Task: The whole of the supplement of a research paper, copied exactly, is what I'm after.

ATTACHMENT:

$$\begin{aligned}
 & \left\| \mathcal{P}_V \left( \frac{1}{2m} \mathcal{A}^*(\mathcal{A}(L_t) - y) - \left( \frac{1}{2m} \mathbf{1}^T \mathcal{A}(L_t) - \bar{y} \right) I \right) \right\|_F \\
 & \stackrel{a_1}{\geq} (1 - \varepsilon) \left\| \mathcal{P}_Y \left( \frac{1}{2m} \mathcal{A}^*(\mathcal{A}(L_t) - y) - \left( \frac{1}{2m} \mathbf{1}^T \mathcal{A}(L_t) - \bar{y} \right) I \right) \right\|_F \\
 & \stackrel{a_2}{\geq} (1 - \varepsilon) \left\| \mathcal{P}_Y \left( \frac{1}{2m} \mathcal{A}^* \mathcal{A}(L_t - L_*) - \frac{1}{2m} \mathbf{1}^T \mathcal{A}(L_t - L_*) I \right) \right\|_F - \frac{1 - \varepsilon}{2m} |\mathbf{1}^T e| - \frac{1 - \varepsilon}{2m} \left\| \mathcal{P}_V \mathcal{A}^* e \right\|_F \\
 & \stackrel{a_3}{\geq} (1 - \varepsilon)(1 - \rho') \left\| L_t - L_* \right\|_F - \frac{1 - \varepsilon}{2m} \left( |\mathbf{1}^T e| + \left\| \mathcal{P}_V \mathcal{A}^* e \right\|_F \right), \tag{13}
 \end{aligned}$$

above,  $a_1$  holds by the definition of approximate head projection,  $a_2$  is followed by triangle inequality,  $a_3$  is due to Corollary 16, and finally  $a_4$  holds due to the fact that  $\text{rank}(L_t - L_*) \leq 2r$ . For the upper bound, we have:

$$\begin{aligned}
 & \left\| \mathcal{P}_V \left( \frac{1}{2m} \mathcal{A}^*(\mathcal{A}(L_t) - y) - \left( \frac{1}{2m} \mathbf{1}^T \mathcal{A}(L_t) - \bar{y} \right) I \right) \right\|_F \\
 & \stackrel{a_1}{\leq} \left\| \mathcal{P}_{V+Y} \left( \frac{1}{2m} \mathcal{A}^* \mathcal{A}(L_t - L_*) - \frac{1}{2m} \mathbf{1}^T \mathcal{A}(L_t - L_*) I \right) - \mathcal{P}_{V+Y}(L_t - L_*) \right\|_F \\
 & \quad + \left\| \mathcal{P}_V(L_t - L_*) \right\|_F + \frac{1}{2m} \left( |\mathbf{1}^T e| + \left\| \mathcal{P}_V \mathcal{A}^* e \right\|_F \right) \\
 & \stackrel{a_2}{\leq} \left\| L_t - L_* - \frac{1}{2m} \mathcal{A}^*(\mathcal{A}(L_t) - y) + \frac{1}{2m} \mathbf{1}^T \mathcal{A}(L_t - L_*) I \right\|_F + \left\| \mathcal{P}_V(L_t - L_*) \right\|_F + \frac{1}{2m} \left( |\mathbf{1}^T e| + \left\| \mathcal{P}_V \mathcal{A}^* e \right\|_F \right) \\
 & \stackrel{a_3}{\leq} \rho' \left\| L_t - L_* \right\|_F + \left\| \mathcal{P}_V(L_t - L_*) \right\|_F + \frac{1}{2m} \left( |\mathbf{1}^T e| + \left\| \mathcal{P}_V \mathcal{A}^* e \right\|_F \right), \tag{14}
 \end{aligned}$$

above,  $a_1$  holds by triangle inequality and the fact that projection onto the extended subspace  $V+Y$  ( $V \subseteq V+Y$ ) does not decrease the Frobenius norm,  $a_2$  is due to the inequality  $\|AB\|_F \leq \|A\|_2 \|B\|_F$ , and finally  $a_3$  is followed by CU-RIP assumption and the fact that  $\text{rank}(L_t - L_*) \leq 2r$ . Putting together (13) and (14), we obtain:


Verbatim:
$$\begin{aligned}
 & \left\| \mathcal{P}_V \left( \frac{1}{2m} \mathcal{A}^*(\mathcal{A}(L_t) - y) - \left( \frac{1}{2m} \mathbf{1}^T \mathcal{A}(L_t) - \bar{y} \right) I \right) \right\|_F \\
 & \stackrel{a_1}{\geq} (1 - \varepsilon) \left\| \mathcal{P}_Y \left( \frac{1}{2m} \mathcal{A}^*(\mathcal{A}(L_t) - y) - \left( \frac{1}{2m} \mathbf{1}^T \mathcal{A}(L_t) - \bar{y} \right) I \right) \right\|_F \\
 & \stackrel{a_2}{\geq} (1 - \varepsilon) \left\| \mathcal{P}_Y \left( \frac{1}{2m} \mathcal{A}^* \mathcal{A}(L_t - L_*) - \frac{1}{2m} \mathbf{1}^T \mathcal{A}(L_t - L_*) I \right) \right\|_F - \frac{1 - \varepsilon}{2m} |\mathbf{1}^T e| - \frac{1 - \varepsilon}{2m} \left\| \mathcal{P}_V \mathcal{A}^* e \right\|_F \\
 & \stackrel{a_3}{\geq} (1 - \varepsilon)(1 - \rho') \left\| L_t - L_* \right\|_F - \frac{1 - \varepsilon}{2m} \left( |\mathbf{1}^T e| + \left\| \mathcal{P}_V \mathcal{A}^* e \right\|_F \right), \tag{13}
 \end{aligned}$$

above,  $a_1$  holds by the definition of approximate head projection,  $a_2$  is followed by triangle inequality,  $a_3$  is due to Corollary 16, and finally  $a_4$  holds due to the fact that  $\text{rank}(L_t - L_*) \leq 2r$ . For the upper bound, we have:

$$\begin{aligned}
 & \left\| \mathcal{P}_V \left( \frac{1}{2m} \mathcal{A}^*(\mathcal{A}(L_t) - y) - \left( \frac{1}{2m} \mathbf{1}^T \mathcal{A}(L_t) - \bar{y} \right) I \right) \right\|_F \\
 & \stackrel{a_1}{\leq} \left\| \mathcal{P}_{V+Y} \left( \frac{1}{2m} \mathcal{A}^* \mathcal{A}(L_t - L_*) - \frac{1}{2m} \mathbf{1}^T \mathcal{A}(L_t - L_*) I \right) - \mathcal{P}_{V+Y}(L_t - L_*) \right\|_F \\
 & \quad + \left\| \mathcal{P}_V(L_t - L_*) \right\|_F + \frac{1}{2m} \left( |\mathbf{1}^T e| + \left\| \mathcal{P}_V \mathcal{A}^* e \right\|_F \right) \\
 & \stackrel{a_2}{\leq} \left\| L_t - L_* - \frac{1}{2m} \mathcal{A}^*(\mathcal{A}(L_t) - y) + \frac{1}{2m} \mathbf{1}^T \mathcal{A}(L_t - L_*) I \right\|_F + \left\| \mathcal{P}_V(L_t - L_*) \right\|_F + \frac{1}{2m} \left( |\mathbf{1}^T e| + \left\| \mathcal{P}_V \mathcal{A}^* e \right\|_F \right) \\
 & \stackrel{a_3}{\leq} \rho' \left\| L_t - L_* \right\|_F + \left\| \mathcal{P}_V(L_t - L_*) \right\|_F + \frac{1}{2m} \left( |\mathbf{1}^T e| + \left\| \mathcal{P}_V \mathcal{A}^* e \right\|_F \right), \tag{14}
 \end{aligned}$$

above,  $a_1$  holds by triangle inequality and the fact that projection onto the extended subspace  $V+Y$  ( $V \subseteq V+Y$ ) does not decrease the Frobenius norm,  $a_2$  is due to the inequality  $\|AB\|_F \leq \|A\|_2 \|B\|_F$ , and finally  $a_3$  is followed by CU-RIP assumption and the fact that  $\text{rank}(L_t - L_*) \leq 2r$ . Putting together (13) and (14), we obtain: